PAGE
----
CHARLESTON, W.Va. -- If you notice more than a dozen brightly painted barrels along the sidewalks of Washington Street in the East End the next few weeks, Lee Ann Grogg's done her job well.
Grogg, who works with the city's stormwater management program, is trying to promote a series of four rain-barrel workshops. The first is scheduled for April 21 at the East End Bazaar.
"Part of my job, as required by the EPA, is outreach and public education," Grogg said. "You can't change anything until you know."
Several years ago, the city signed an agreement with the U.S. Environmental Protection Agency to try to cut water pollution by reducing the amount of rain runoff that enters the rivers.
The problem is especially bad in Charleston, which has several combined storm and sanitary sewers. In heavy storms, raw sewage flows directly into the Kanawha.
Homeowners can do their part by diverting rainwater collected from their gutters into a rain barrel, instead of letting it run out on their lawn or into a sewer. During dry weather, they can use the saved water in their gardens.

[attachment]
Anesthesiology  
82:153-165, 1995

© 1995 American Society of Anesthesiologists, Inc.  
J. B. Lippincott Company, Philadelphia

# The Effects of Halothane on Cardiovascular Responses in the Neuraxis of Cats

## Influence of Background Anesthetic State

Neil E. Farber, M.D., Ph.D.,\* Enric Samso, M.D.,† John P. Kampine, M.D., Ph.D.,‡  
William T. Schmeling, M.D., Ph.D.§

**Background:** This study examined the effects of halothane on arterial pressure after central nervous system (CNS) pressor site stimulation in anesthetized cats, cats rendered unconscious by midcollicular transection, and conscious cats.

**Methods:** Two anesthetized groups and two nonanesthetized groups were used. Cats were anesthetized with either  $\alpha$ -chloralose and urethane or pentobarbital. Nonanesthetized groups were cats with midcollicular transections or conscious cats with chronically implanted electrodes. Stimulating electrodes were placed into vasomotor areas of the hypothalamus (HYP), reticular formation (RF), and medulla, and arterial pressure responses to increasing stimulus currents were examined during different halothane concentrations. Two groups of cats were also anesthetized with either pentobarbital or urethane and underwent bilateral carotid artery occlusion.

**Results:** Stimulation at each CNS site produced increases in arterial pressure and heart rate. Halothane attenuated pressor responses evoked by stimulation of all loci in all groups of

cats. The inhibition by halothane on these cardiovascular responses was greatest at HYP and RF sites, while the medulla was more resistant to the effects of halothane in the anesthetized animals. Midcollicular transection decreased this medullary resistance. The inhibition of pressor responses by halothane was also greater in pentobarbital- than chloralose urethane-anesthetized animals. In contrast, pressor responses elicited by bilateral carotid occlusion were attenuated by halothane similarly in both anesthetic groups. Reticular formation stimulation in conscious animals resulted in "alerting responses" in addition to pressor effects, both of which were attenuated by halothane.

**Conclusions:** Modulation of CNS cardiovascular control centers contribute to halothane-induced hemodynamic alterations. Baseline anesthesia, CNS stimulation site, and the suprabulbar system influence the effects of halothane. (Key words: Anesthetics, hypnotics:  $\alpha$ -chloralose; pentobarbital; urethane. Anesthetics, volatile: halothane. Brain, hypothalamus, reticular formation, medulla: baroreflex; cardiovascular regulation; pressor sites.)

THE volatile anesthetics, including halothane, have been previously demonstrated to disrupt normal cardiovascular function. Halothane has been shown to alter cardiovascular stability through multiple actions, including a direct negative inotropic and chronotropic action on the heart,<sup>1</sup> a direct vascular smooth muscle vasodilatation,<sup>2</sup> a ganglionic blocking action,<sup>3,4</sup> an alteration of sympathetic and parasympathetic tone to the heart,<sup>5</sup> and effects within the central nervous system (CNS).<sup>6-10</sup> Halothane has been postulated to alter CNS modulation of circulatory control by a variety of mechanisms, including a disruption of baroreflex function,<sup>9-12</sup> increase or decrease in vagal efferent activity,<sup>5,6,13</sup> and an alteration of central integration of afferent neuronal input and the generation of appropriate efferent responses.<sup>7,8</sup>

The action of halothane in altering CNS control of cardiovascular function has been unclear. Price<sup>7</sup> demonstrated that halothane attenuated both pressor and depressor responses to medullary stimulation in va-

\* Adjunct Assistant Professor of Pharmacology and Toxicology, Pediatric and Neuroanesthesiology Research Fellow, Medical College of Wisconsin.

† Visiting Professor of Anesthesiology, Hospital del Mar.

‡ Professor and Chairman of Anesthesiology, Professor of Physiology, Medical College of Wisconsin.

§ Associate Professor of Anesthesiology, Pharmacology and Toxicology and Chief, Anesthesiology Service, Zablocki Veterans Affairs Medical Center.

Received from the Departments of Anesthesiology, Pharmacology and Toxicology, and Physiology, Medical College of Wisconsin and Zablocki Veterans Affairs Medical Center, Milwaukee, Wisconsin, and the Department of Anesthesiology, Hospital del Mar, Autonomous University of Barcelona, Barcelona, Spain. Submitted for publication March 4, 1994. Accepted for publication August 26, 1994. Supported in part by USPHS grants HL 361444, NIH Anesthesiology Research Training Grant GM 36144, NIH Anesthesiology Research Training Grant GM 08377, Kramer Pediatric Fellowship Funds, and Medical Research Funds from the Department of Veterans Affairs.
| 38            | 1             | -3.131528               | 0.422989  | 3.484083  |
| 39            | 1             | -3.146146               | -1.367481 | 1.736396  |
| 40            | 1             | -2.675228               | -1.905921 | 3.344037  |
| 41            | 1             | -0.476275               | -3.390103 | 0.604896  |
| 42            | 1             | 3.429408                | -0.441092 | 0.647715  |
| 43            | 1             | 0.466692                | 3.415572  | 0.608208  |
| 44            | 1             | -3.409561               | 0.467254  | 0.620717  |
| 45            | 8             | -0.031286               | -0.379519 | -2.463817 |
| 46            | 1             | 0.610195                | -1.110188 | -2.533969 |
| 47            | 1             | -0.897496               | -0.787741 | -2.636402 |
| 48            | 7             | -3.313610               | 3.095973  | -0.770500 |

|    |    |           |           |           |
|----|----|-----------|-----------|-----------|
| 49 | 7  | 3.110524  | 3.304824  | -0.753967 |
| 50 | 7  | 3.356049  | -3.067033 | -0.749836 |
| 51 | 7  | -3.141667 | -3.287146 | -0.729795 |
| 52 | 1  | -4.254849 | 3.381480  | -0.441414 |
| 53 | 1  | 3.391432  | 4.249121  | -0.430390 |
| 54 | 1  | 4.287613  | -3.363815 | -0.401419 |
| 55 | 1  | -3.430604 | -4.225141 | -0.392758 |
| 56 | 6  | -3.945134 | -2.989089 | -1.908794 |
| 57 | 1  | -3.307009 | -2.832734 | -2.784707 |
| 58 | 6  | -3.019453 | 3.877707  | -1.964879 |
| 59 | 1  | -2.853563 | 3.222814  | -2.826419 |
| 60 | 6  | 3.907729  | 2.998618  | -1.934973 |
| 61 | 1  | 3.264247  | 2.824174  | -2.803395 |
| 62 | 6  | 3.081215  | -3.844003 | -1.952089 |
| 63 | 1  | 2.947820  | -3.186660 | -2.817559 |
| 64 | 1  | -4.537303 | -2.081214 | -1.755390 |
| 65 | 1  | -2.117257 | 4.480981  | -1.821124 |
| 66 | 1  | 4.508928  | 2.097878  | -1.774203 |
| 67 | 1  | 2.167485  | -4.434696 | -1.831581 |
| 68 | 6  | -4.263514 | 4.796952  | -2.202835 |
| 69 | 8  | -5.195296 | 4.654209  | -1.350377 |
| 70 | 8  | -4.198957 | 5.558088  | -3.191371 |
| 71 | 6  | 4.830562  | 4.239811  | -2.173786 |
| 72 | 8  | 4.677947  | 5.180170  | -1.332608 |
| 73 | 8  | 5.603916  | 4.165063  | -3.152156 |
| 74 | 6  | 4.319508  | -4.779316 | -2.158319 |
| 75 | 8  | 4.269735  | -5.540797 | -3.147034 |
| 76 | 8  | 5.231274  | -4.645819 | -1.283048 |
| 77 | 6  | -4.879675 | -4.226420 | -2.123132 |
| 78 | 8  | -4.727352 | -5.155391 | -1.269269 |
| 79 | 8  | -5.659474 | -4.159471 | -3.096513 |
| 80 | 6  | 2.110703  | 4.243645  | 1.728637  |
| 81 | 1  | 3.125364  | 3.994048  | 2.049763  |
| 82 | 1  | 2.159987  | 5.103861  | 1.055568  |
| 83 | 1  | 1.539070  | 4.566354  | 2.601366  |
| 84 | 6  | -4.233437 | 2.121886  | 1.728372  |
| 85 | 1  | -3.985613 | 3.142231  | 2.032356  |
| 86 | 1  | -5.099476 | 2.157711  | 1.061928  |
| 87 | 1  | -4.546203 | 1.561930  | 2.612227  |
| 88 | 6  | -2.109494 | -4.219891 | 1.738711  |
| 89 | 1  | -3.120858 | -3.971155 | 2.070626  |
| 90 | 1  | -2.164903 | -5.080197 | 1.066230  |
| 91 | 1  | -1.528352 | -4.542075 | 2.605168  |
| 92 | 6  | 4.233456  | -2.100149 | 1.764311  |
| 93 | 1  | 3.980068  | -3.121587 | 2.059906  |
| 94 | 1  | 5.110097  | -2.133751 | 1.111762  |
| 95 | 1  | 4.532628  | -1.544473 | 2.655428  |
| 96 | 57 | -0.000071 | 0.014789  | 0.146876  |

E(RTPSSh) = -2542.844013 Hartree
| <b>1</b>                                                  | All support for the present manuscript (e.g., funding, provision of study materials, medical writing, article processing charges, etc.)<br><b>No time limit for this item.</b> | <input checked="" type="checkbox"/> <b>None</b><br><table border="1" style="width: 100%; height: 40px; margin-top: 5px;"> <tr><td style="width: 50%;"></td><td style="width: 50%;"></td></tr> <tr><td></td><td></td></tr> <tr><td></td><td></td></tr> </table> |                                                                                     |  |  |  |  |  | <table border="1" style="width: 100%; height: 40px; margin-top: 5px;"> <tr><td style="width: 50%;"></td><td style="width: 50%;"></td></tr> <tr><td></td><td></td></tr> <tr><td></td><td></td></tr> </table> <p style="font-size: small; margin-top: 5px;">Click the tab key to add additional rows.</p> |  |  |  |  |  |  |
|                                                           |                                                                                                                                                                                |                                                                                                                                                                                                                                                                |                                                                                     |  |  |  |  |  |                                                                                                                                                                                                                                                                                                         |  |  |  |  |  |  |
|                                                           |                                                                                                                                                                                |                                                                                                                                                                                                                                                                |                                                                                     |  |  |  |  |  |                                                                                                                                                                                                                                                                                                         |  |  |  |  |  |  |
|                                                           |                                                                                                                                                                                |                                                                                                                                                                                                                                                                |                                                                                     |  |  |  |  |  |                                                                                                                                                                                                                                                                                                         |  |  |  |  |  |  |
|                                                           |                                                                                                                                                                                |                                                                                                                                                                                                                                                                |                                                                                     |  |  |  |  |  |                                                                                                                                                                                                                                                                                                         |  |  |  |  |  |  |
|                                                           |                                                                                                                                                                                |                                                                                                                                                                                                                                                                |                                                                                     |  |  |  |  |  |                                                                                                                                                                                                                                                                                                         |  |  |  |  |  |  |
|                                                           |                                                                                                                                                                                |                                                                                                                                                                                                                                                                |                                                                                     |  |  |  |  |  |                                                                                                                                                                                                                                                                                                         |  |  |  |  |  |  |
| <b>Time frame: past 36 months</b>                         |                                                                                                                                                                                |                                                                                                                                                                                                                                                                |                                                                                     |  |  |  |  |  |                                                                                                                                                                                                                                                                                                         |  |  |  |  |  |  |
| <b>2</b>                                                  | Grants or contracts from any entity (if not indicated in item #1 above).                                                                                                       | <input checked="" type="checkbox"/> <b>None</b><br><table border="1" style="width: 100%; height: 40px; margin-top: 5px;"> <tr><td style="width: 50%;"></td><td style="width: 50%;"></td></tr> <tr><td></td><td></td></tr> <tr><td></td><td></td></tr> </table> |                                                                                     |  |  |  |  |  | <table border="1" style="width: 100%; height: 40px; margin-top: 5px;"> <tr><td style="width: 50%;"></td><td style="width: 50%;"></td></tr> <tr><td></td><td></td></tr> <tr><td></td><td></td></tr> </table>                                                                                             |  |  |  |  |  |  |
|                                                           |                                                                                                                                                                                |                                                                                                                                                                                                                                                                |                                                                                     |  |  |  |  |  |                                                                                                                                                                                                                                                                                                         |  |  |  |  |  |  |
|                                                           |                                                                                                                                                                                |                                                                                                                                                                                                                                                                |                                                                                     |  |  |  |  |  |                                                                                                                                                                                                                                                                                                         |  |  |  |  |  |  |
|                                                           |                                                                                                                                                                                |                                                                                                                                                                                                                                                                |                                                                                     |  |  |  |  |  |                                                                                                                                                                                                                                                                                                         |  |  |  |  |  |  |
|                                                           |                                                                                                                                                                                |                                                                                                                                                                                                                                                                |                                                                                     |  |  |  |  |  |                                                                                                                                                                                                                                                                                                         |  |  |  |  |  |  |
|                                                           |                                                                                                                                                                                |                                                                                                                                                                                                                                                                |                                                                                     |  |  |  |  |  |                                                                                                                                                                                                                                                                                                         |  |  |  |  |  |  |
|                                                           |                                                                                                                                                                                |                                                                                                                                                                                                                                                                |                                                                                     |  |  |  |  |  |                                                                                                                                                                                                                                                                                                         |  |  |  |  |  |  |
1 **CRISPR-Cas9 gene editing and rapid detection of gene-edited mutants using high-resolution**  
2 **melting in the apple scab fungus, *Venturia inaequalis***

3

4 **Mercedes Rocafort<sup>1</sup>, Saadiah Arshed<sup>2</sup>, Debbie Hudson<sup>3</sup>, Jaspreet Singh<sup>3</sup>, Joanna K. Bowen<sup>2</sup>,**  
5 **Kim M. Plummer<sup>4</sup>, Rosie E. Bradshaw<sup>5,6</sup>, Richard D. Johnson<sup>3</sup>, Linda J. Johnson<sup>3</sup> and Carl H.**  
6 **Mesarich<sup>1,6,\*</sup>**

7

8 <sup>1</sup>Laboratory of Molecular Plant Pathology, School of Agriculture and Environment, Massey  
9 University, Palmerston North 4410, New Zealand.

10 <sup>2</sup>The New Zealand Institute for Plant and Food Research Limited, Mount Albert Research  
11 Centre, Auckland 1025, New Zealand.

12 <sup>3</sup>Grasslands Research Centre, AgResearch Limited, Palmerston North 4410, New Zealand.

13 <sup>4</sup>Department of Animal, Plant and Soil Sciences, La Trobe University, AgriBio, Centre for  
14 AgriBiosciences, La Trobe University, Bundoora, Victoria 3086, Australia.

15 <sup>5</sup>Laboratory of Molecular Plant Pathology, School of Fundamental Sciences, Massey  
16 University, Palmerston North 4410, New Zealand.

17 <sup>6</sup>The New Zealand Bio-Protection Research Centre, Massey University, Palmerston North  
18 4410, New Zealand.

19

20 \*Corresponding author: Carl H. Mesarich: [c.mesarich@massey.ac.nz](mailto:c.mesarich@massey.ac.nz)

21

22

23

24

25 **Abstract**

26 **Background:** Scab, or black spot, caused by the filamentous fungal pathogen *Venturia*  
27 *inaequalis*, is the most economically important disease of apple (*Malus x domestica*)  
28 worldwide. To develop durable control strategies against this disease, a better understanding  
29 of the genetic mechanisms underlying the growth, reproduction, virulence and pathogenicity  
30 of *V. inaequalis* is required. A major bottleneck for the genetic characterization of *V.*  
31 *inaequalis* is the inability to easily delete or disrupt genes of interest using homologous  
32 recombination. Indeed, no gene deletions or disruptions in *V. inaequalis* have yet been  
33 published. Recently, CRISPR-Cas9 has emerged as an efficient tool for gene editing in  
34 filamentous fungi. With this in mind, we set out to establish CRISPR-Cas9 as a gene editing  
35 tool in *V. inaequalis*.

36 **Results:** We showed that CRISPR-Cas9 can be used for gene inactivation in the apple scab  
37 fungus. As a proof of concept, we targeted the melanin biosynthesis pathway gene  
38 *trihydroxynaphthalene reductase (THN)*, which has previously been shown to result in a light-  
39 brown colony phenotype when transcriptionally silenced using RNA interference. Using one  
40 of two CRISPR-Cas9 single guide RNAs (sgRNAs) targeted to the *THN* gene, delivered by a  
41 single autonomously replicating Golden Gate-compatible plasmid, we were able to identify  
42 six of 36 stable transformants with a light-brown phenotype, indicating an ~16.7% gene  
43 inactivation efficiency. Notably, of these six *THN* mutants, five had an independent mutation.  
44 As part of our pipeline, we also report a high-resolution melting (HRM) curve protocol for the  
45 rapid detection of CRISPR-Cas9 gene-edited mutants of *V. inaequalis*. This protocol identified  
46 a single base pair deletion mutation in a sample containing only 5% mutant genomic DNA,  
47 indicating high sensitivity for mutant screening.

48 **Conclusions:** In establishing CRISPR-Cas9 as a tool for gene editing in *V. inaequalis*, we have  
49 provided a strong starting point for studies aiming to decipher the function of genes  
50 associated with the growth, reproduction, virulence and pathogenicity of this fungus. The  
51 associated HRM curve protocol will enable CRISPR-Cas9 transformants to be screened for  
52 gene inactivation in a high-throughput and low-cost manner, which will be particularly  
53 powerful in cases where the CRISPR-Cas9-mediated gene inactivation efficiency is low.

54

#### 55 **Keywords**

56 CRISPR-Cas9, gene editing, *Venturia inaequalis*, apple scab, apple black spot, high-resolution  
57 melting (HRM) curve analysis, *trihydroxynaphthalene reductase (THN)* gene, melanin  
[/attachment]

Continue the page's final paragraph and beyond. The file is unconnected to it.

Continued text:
Grogg, along with Tomi Bergstrom of the West Virginia Department of Environmental Protection, decided to teach folks how to make rain barrels.
For $40, you can learn how to make your own rain barrel and get all the materials -- a 55-gallon plastic barrel, a spigot and other connections -- at the two-hour workshop. To register, email tomi.m.bergst...@wv.gov or call her at 304-926-0499, Ext. 1098.
The system collects water through a small hole in one of downspouts, Grogg said. "We're using a new connection where you don't have to cut your gutter. You make a small incision.
"We'll put a spigot on the bottom. You can attach a hose or fill up a watering can."
The heavy plastic barrels are recycled, she said. "A lot of them had soap in them, and some were used to ship pickles. They need to be taken down and put away for the winter."